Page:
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March Madness, DC Style

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Well, Georgetown has already choked again, but it's still a pretty big weekend here in the nation's capitol. With 100,000 plus marching for immigration reform and the big House health care vote tomorrow, there's definitely some stuff going on here.

One of the things I do love is that our side is really getting into the idea that this is a battle, that you don't win progress by just making some calls to congress, finding the money for a few TV ads, and cutting some insider deals: you have to fight for it. Let me take this opportunity to once again pull out the best quote of all time (if you read me regularly, you've probably seen this one before):

If there is no struggle there is no progress. Those who profess to favor freedom and yet depreciate agitation...want crops without plowing up the ground, they want rain without thunder and lightening. They want the ocean without the awful roar of its many waters.... Power concedes nothing without a demand. It never did and it never will.

People are finally getting that. So thousands showed up where the insurance industry was meeting a couple of weeks ago to disrupt their meeting, and scores risked arrest. 100,000 are showing up this weekend to demand that politicians finally address the twisted up system that constitutes our immigration policy. Thousands more will be demonstrating on Wall Street in April and K Street in May to protest the big banks wrecking our economy. And on the health care vote, primaries are being launched; a 3rd party campaign in New York on the Working Families party line is being planned; labor endorsements are being pulled from the no votes; the Steelworkers are running robo calls against Jason Altmire, the Pittsburgh area congressman who announced his no vote yesterday, and local demonstrators are doing sit-ins in his offices.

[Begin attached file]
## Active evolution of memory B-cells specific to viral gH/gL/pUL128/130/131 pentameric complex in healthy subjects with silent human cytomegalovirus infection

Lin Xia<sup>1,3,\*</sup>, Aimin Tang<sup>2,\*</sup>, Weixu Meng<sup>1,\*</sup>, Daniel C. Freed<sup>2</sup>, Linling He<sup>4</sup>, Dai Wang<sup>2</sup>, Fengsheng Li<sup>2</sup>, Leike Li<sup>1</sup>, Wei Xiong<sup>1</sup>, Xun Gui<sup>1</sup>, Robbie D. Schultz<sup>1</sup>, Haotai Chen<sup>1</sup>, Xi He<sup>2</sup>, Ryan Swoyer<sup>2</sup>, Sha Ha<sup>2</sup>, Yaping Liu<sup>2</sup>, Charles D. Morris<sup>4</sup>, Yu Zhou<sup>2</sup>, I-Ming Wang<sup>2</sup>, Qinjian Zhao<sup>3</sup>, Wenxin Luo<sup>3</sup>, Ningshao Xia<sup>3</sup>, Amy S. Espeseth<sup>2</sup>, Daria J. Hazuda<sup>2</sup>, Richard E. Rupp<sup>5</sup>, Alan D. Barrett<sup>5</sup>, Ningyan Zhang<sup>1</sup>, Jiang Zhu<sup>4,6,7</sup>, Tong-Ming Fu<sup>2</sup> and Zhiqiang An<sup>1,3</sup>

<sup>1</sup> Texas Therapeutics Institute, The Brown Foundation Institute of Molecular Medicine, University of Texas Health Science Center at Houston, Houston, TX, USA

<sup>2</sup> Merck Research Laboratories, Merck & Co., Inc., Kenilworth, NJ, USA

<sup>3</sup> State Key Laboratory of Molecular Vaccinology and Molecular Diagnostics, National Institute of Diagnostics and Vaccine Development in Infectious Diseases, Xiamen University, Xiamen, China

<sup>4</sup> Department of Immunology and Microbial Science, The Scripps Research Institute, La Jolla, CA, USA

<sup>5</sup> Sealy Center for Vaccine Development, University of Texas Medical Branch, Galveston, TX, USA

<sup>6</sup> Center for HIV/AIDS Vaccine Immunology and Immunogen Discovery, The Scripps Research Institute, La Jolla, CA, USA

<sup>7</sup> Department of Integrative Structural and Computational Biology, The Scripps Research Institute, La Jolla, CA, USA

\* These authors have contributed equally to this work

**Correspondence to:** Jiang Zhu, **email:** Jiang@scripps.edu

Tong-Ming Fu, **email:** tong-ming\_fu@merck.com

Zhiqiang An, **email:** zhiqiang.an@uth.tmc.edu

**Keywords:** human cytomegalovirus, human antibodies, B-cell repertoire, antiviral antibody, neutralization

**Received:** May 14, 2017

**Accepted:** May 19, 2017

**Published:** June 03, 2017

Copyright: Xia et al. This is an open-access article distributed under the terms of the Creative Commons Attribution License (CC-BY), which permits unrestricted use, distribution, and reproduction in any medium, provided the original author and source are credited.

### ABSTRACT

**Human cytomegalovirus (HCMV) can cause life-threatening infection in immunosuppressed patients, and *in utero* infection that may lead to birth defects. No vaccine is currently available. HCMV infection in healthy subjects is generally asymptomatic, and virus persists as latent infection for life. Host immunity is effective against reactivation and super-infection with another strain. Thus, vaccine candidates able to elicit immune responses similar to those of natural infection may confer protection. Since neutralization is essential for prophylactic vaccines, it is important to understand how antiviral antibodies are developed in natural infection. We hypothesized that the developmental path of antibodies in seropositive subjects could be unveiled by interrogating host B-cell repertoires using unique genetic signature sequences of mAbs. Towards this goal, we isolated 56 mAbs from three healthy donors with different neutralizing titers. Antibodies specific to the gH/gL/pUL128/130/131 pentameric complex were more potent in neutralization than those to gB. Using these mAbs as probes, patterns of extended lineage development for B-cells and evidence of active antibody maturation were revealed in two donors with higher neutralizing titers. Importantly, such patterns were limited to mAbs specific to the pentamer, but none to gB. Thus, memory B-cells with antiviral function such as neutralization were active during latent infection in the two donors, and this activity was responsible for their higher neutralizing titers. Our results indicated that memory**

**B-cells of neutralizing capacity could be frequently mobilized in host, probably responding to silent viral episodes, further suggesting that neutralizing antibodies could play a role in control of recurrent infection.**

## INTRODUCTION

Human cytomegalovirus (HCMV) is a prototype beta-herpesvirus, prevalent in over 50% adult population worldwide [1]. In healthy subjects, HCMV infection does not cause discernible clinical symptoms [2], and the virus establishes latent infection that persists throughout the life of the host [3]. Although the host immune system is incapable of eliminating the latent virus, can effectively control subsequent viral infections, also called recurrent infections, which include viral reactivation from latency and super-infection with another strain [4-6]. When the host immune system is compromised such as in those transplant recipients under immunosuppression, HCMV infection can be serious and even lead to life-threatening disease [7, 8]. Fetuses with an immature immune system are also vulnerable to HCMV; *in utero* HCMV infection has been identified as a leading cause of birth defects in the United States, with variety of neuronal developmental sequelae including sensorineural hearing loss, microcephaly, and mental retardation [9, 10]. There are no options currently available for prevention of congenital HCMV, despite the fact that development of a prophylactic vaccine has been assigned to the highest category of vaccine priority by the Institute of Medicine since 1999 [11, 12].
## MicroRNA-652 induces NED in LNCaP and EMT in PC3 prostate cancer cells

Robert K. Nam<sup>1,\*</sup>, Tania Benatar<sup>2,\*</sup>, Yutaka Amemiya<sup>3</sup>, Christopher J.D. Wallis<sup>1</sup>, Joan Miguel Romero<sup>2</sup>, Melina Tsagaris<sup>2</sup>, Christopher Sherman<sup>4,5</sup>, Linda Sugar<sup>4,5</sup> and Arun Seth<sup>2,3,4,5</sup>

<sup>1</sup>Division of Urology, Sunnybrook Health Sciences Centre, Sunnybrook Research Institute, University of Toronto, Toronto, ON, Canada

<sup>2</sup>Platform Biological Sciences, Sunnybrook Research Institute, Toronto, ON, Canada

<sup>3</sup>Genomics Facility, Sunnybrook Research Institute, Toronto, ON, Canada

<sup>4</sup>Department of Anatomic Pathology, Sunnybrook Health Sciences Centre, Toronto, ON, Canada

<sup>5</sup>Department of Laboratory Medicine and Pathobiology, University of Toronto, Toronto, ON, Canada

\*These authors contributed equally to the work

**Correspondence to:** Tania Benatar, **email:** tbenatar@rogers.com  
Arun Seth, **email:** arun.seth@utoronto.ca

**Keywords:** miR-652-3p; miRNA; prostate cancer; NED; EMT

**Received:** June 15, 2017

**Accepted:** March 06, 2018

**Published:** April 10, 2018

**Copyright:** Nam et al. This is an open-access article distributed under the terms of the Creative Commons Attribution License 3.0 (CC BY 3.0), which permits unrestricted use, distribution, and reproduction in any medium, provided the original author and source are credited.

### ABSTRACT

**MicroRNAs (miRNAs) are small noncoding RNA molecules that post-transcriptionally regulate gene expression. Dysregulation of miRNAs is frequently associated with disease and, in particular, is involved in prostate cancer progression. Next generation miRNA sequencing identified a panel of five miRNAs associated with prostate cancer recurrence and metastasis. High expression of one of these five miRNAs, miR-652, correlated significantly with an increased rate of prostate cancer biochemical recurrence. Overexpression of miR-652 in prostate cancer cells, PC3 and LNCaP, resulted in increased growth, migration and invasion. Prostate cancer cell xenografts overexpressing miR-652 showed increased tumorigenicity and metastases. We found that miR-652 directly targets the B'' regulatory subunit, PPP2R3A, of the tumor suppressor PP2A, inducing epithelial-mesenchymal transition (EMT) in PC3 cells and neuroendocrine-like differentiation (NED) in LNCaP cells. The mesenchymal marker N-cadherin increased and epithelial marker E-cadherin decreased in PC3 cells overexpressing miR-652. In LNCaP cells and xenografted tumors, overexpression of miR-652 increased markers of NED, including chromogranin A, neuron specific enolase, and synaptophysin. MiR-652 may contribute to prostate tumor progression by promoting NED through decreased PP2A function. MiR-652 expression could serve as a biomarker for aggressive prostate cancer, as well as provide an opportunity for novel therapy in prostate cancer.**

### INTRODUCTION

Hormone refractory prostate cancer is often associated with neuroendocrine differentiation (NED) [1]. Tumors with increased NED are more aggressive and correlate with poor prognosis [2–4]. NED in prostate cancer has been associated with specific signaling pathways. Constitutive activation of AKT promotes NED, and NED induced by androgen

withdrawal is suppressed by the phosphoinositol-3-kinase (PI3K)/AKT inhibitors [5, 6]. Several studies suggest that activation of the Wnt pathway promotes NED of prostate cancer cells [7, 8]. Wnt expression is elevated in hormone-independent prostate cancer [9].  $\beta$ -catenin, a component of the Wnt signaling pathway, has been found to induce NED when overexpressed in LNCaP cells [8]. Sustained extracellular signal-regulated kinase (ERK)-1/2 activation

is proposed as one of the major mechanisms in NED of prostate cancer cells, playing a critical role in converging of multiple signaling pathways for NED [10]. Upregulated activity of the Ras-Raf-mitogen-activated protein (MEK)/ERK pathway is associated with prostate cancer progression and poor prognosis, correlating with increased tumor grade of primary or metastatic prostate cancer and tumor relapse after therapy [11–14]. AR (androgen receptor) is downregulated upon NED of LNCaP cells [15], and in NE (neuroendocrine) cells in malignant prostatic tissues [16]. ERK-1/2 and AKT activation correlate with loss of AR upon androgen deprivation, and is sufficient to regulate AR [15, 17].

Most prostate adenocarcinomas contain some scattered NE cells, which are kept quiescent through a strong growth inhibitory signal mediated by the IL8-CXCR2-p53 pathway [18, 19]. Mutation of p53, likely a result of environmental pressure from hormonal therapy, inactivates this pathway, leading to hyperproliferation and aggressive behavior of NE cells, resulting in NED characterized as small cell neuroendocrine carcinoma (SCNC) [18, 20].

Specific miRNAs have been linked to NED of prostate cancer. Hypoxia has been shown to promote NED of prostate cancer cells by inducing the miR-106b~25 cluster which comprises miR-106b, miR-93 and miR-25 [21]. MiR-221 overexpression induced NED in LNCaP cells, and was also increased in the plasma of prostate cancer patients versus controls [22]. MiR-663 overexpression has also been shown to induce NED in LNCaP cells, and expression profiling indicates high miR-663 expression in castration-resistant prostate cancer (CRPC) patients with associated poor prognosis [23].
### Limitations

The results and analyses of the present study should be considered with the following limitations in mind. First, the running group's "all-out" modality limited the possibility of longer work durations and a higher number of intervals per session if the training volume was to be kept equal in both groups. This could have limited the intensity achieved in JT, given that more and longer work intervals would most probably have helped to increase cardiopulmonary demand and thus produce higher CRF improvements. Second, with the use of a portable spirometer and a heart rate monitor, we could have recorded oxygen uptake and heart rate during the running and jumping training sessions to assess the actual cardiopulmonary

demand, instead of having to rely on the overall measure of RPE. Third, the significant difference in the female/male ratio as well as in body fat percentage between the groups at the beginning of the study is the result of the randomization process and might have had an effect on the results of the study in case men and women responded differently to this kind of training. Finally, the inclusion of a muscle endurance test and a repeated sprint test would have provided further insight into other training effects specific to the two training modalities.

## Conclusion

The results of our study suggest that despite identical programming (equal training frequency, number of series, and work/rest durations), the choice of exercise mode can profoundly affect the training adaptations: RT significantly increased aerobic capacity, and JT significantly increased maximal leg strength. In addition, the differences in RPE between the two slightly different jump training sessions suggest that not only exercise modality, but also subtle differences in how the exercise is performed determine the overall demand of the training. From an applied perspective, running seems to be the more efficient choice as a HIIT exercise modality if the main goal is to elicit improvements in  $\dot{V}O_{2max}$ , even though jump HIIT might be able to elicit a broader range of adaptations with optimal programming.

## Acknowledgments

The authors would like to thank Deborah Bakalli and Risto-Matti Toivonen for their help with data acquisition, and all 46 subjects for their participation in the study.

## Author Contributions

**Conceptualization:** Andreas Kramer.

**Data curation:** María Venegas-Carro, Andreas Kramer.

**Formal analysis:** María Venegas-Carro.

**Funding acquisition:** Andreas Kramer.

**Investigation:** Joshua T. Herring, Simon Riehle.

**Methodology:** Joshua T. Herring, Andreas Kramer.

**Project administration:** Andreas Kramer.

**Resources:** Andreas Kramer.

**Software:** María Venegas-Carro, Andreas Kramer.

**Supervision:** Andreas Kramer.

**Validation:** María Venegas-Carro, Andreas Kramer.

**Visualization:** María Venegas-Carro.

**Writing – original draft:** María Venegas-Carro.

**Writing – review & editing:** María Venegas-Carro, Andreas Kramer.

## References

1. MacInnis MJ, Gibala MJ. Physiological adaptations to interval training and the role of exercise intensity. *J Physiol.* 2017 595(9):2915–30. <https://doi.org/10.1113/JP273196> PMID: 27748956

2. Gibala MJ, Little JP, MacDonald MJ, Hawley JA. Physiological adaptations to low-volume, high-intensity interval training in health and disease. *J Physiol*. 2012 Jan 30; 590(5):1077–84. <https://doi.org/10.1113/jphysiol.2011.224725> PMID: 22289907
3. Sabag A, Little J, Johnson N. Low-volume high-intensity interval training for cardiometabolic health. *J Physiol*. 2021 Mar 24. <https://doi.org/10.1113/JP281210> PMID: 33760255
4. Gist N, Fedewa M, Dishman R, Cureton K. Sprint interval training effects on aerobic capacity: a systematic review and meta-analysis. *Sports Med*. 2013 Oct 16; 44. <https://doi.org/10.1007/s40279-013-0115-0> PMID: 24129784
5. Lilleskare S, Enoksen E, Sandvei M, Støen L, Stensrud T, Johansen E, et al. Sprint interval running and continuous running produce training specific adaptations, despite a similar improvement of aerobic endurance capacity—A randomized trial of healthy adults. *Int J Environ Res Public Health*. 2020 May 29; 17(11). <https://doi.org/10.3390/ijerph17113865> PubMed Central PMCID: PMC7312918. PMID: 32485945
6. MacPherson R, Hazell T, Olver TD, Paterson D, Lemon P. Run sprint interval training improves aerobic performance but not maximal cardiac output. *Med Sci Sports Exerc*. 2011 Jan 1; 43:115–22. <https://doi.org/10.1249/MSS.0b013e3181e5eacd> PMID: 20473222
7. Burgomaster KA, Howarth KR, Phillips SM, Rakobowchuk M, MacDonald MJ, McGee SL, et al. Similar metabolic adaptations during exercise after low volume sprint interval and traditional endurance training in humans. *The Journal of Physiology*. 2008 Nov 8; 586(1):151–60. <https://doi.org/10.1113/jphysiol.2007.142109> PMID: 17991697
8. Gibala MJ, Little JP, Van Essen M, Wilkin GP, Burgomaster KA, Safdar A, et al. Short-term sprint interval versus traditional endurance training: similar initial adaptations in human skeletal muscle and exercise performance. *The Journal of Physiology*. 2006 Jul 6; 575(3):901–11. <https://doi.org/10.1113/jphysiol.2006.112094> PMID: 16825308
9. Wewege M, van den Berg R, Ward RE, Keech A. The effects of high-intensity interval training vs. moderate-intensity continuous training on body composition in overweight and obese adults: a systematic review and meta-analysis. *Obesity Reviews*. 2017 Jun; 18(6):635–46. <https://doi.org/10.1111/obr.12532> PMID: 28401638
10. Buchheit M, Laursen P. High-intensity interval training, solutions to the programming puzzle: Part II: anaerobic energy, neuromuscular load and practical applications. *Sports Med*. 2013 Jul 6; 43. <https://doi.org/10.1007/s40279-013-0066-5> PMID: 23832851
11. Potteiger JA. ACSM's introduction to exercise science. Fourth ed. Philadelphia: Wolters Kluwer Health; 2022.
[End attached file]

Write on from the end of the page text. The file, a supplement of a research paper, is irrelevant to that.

You know, for all the compromises we have had to make, for all the serious flaws in this bill we will have to fix in the coming years, I think most of the progressive community has begun to come to the common understanding that the stakes are too high to say no to this moment. I understand why not all progressives have decided to support this bill, and respect that decision -- a lot of these compromises have been really difficult to take. But if we get this done tomorrow, for the first time health care coverage will be considered a right. There will be limits on health insurance companies power -- not as many as there should be, but clear limits with the chance to roll their back their power some more. And we will, for the first time since the 1960s, have passed really big, important legislation that moves in the direction and philosophy of progress and helping people.

That's why such hard ball is being played by progressive groups and activists. That's why the entire progressive caucus in the House, and progressives like Bernie Sanders in the Senate, said yes in spite of the flaws in this bill. This moves the country's orientation more toward community, more toward taking care of everyone. Rather than failing one more time when this issue, or any other big issue, gets pushed forward; rather than giving up when tough things like Scott Brown winning happened, and pulling back to pass one more small reform that wouldn't do much, progressives and Democrats are uniting to push this across the finish line. Names are being taken, and asses are being kicked -- and I think health care reform will finally make it across the finish line.

We do not get all we pay for in this world, but we are certainly paying for everything we get. We have paid an incredibly heavy price to get to this moment on health care: now is not the time to falter.